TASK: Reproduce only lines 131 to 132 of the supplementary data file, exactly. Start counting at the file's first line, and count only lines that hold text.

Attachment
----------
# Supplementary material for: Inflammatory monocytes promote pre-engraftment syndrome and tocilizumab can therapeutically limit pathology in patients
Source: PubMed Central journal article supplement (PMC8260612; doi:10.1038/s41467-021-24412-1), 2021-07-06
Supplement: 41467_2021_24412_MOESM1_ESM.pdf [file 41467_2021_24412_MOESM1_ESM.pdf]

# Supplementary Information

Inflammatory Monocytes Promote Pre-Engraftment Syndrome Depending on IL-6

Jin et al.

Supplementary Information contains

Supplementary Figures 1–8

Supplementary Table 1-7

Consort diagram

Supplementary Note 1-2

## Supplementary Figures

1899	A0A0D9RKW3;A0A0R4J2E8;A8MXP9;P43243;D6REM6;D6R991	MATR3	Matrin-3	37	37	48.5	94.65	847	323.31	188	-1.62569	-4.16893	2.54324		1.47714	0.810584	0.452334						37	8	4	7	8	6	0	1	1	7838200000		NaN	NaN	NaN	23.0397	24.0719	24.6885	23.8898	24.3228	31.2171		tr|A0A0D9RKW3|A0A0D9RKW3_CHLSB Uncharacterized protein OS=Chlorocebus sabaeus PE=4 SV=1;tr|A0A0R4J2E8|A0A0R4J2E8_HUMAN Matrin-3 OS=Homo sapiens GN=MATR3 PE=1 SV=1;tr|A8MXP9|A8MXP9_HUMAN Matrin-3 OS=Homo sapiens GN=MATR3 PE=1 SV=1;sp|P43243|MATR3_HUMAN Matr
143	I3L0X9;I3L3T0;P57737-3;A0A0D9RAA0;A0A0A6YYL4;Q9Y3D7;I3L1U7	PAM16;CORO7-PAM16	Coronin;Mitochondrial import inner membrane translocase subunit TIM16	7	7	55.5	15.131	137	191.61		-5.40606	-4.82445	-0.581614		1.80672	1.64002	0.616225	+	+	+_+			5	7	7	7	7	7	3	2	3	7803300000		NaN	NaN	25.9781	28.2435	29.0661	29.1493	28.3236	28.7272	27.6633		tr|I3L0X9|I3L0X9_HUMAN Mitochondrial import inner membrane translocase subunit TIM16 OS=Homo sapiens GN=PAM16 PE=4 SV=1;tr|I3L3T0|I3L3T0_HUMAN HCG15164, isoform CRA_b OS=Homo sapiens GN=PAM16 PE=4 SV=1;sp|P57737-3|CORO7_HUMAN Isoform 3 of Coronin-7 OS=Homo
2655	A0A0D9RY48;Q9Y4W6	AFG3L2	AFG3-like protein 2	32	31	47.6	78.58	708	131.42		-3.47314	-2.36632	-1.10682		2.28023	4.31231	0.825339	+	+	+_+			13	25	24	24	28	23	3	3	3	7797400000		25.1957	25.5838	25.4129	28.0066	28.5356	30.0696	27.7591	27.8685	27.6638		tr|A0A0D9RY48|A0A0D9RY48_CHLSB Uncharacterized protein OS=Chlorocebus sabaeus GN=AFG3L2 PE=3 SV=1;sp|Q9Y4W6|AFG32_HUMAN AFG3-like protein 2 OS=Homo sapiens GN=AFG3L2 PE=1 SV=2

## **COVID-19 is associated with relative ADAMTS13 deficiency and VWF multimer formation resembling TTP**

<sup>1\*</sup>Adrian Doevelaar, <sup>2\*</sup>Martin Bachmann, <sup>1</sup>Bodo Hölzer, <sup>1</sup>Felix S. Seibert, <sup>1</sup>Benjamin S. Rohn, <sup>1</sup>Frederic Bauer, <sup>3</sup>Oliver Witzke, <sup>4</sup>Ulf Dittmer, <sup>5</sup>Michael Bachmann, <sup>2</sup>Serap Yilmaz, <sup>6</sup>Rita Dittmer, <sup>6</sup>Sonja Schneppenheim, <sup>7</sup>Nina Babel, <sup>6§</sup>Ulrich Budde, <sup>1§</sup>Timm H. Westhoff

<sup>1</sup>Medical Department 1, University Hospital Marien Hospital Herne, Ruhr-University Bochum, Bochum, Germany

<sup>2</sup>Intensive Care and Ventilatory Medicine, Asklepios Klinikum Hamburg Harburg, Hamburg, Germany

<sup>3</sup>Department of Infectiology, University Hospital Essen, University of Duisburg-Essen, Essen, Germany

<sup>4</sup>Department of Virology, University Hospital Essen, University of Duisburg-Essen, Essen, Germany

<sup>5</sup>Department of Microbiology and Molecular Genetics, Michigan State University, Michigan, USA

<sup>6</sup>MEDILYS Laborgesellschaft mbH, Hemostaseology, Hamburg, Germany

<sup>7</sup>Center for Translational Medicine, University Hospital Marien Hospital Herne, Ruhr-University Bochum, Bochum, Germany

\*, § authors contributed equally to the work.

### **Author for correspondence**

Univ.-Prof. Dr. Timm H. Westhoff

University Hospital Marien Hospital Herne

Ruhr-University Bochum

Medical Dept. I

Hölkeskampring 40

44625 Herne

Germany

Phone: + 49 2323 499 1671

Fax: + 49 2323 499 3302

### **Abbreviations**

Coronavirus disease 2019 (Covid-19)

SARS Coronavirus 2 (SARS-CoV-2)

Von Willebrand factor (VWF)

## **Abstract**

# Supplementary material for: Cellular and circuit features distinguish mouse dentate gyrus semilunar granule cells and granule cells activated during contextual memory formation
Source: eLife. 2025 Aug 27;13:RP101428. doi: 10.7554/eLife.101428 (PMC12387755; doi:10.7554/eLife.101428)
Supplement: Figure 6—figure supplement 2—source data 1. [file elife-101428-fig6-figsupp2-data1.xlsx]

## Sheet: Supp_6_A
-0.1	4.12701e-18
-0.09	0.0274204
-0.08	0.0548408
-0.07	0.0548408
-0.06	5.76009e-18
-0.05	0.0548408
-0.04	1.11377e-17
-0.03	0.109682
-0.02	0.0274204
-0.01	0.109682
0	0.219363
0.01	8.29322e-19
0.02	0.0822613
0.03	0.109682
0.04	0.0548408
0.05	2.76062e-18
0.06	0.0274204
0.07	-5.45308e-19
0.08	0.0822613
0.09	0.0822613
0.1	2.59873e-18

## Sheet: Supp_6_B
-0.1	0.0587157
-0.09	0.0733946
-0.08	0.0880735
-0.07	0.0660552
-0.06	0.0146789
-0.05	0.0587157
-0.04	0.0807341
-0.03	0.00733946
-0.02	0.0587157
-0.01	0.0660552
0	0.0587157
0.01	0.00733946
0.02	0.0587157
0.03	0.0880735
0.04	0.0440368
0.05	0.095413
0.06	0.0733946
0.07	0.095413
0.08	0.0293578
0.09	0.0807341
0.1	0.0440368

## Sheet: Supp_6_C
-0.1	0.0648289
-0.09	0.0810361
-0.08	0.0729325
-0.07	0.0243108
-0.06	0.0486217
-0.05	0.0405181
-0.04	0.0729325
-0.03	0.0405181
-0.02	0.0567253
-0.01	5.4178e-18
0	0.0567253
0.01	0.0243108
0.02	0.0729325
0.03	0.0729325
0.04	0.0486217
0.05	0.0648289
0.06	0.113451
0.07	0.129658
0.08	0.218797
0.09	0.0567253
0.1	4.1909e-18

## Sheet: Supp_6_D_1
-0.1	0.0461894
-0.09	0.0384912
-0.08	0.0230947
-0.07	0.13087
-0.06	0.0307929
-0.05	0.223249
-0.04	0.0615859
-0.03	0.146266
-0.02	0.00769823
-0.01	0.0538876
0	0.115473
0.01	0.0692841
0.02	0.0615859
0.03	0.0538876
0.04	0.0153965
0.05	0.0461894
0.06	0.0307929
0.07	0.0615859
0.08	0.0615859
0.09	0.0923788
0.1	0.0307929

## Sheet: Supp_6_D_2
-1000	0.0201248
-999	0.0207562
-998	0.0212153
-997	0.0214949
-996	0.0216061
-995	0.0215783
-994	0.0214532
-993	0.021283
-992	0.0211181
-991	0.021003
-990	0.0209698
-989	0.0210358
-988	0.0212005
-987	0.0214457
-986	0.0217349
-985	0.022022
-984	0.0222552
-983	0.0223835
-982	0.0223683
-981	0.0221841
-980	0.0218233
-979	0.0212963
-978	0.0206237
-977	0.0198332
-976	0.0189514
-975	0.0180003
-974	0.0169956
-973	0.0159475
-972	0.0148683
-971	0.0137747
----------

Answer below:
0.1	0.0307929

## Sheet: Supp_6_D_2